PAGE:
A few green advocates quietly admitted
that permitting reform could actually
help the environment if done right.
A few green advocates quietly admitted that permitting reform could actually help the environment if done right. Environmentalists and others worry that green energy like wind and solar currently can’t reach the interstate grid without more powerlines being built. Permitting fights have impeded this.
An example is the long and sprawling fight to build (may require subscription) a line carrying electricity from Hydro Quebec to the U.S. Northeast. Despite court cases and a ballot measure, that case is still unresolved.
The problem is that Manchin and environmentalists would likely settle these conflicts in different ways — another reason for careful, open, deliberate consideration of how to do permitting reform.
But in the end, even before the failed vote on the Senate floor to add the permitting reform bill as an amendment to the defense authorization act, it was clear that Manchin lacked the 60 votes he needed to succeed.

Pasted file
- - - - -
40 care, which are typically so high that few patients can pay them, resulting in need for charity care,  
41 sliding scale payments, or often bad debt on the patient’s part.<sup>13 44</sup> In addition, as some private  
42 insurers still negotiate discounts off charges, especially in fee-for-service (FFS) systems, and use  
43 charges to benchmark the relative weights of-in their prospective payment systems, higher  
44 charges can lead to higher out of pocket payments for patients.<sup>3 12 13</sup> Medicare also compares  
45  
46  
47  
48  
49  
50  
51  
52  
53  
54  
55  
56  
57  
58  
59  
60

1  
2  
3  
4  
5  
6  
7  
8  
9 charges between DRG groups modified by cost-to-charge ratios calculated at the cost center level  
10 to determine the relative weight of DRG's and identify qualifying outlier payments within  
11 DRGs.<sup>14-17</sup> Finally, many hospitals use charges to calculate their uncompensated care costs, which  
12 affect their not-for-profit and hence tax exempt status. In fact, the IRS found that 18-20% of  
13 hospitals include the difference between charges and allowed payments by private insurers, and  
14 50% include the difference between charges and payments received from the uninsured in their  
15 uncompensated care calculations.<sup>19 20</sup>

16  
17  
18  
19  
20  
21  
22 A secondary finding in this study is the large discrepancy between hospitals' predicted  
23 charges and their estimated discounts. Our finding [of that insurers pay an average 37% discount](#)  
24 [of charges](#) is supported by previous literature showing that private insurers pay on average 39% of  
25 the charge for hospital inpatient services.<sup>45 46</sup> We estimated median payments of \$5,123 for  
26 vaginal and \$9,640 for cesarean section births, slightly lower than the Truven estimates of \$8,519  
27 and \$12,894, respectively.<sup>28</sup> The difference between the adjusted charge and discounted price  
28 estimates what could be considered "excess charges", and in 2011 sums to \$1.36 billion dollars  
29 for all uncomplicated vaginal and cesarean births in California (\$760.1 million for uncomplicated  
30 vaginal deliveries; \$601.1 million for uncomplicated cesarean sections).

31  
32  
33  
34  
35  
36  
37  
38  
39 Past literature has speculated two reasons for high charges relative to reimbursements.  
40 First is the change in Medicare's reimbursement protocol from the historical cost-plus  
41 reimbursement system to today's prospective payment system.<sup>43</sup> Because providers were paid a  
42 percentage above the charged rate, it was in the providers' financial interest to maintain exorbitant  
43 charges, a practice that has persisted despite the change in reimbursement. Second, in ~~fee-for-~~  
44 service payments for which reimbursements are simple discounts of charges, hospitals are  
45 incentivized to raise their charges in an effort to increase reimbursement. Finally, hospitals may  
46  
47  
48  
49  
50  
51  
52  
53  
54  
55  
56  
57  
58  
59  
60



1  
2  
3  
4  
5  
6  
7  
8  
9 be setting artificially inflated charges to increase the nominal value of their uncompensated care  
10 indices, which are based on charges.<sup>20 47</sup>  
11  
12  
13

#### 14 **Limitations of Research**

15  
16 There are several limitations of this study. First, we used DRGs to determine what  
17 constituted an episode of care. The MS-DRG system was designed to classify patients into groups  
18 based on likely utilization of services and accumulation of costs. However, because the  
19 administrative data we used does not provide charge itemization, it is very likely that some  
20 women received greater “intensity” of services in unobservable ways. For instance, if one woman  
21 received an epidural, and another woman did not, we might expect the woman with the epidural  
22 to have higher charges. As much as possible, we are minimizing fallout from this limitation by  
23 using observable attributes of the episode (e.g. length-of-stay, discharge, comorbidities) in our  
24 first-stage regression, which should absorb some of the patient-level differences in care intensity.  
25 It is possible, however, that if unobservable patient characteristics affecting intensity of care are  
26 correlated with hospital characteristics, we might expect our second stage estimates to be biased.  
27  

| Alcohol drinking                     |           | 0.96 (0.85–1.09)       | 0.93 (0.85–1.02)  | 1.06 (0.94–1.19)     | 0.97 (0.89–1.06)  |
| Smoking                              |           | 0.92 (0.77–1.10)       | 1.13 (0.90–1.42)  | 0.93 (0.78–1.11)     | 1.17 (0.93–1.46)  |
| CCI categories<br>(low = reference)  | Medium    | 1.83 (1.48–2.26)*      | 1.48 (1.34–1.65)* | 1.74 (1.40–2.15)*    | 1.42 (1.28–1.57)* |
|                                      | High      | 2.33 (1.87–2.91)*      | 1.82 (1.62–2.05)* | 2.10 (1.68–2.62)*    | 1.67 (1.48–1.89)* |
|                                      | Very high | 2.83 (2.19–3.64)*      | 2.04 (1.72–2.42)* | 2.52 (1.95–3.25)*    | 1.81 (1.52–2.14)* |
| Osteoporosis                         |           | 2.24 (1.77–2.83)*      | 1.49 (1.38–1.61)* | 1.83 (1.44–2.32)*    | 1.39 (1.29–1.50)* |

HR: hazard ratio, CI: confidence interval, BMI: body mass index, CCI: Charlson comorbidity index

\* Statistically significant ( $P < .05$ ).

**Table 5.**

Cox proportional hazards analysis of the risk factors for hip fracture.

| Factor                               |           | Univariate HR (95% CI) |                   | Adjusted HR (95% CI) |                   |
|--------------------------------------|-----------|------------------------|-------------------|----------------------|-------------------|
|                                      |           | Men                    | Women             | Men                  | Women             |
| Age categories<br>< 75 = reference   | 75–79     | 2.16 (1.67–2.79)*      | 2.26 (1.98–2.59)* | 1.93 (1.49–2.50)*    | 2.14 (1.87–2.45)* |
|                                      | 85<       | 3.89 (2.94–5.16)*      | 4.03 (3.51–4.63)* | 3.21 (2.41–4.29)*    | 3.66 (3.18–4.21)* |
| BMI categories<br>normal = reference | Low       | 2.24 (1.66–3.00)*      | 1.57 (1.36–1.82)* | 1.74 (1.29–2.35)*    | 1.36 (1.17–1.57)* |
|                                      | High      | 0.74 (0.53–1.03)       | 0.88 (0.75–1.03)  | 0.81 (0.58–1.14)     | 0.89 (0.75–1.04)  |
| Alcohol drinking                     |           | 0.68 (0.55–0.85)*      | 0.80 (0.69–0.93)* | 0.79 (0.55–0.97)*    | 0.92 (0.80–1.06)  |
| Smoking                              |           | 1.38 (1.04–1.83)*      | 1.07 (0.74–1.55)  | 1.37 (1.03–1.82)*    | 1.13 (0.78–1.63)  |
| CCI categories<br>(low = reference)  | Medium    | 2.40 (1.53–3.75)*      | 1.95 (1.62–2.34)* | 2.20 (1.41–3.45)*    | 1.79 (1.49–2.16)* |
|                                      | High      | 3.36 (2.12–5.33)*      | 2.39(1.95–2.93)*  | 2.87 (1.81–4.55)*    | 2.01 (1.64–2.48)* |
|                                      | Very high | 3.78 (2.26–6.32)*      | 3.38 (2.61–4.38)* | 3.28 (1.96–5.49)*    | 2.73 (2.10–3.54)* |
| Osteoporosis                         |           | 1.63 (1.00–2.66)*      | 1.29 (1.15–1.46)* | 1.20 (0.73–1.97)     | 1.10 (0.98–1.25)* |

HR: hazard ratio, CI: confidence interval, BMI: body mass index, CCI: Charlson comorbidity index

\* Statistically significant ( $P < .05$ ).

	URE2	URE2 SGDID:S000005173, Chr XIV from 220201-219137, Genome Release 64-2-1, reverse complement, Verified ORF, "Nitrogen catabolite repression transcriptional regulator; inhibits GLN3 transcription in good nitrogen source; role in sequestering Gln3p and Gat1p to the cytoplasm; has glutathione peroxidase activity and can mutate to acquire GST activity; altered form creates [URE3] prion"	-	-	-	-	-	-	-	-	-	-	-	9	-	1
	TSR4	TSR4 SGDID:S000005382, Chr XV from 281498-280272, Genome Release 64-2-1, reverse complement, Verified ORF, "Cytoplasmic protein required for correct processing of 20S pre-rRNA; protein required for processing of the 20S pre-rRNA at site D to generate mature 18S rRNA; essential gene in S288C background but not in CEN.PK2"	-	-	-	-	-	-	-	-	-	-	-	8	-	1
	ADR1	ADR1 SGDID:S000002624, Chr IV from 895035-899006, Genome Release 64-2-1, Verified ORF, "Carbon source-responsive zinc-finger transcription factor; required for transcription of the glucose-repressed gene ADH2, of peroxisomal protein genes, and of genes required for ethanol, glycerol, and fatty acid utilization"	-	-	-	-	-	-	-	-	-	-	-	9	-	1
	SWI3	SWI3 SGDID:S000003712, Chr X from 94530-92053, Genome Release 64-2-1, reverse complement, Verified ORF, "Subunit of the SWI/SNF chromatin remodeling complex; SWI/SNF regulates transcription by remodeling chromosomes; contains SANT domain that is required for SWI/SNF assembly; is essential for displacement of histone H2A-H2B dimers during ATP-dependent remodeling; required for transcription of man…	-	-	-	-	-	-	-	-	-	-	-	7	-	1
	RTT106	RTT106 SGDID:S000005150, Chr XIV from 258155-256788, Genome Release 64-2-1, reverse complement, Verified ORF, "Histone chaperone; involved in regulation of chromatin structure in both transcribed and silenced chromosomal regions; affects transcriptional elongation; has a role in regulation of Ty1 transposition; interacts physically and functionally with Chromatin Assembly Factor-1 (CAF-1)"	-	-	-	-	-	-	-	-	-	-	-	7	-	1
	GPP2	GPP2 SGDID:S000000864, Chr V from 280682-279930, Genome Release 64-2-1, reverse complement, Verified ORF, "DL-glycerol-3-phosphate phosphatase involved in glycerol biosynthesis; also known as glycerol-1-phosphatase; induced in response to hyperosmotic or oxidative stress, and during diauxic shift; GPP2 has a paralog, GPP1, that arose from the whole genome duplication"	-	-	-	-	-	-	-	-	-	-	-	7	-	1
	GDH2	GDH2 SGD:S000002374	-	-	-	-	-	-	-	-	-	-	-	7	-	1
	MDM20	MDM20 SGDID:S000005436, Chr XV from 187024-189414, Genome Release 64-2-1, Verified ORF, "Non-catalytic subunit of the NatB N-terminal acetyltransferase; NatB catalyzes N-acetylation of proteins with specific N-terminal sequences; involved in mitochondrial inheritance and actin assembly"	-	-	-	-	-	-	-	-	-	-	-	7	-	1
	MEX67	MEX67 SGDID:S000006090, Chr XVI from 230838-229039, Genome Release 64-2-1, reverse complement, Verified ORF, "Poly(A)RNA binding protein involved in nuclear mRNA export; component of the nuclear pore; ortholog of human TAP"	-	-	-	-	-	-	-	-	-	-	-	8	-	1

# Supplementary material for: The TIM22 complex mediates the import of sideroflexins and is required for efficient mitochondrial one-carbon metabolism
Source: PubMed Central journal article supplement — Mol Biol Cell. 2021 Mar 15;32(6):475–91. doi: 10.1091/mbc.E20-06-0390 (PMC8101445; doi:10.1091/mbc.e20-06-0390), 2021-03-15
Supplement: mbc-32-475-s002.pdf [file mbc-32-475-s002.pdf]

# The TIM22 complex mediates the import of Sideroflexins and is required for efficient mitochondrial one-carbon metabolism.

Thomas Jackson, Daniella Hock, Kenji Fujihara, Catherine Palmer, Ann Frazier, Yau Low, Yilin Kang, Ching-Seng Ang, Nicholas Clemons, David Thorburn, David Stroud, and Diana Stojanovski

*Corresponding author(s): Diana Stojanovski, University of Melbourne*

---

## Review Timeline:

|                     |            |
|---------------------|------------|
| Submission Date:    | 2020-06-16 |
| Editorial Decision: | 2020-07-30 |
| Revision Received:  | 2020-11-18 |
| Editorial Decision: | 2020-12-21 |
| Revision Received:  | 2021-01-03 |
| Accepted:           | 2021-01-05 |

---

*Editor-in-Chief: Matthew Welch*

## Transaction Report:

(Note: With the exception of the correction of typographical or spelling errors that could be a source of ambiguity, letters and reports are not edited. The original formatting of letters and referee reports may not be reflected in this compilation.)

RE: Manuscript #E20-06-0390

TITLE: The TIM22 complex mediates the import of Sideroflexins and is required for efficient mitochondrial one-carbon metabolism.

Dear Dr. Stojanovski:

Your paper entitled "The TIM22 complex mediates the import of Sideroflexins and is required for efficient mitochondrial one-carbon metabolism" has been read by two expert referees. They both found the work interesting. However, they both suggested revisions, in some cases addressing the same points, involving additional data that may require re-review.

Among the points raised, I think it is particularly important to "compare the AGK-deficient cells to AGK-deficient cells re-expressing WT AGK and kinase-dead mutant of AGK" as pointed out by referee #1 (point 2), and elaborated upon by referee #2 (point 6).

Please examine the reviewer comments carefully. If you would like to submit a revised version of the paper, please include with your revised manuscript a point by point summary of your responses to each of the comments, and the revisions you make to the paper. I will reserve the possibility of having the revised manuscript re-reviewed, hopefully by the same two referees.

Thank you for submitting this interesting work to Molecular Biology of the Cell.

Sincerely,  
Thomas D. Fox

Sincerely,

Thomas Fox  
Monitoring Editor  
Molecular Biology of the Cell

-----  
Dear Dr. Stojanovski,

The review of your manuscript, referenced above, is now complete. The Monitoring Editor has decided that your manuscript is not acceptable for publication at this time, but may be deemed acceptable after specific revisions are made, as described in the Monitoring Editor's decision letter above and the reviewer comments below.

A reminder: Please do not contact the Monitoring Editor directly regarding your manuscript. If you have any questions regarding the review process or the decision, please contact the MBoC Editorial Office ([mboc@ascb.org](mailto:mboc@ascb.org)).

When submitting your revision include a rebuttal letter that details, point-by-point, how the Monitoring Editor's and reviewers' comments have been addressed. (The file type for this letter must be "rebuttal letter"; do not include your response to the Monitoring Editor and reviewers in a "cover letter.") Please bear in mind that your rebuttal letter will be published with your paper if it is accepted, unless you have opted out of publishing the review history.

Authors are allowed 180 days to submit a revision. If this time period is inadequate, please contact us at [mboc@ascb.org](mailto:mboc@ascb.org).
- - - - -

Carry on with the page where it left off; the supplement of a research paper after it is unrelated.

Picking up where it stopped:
The proposal split both parties. Progressives didn’t like it because (among other things) it was bad for the climate. And it reinstated constraints on NEPA that the Biden administration had just recently de-Trumpified. Conservatives didn’t like it either, if only because it could drag down the defense bill. States and locals didn’t like it because it cut their permitting out of the process.
An alternative way to sell the permitting bill might have been to patiently and clearly explain to the public through hearings what it was and how it affected people’s interests.
So will Congress revive the permitting bill in 2023-2024? It’s a fair bet they may try — but a very long shot they will succeed. Most don’t see sufficient votes, especially now that Manchin’s own leverage is just slightly less critical in a 51-49 Senate.
Joseph A. Davis is a freelance writer/editor in Washington, D.C. who has been writing about the environment since 1976. He writes SEJournal Online's TipSheet, Reporter's Toolbox and Issue Backgrounder, and curates SEJ's weekday news headlines service EJToday and @EJTodayNews. Davis also directs SEJ's Freedom of Information Project and writes the WatchDog opinion column.
* From the weekly news magazine SEJournal Online, Vol. 8, No. 3. Content from each new issue of SEJournal Online is available to the public via the SEJournal Online main page. Subscribe to the e-newsletter here. And see past issues of the SEJournal archived here.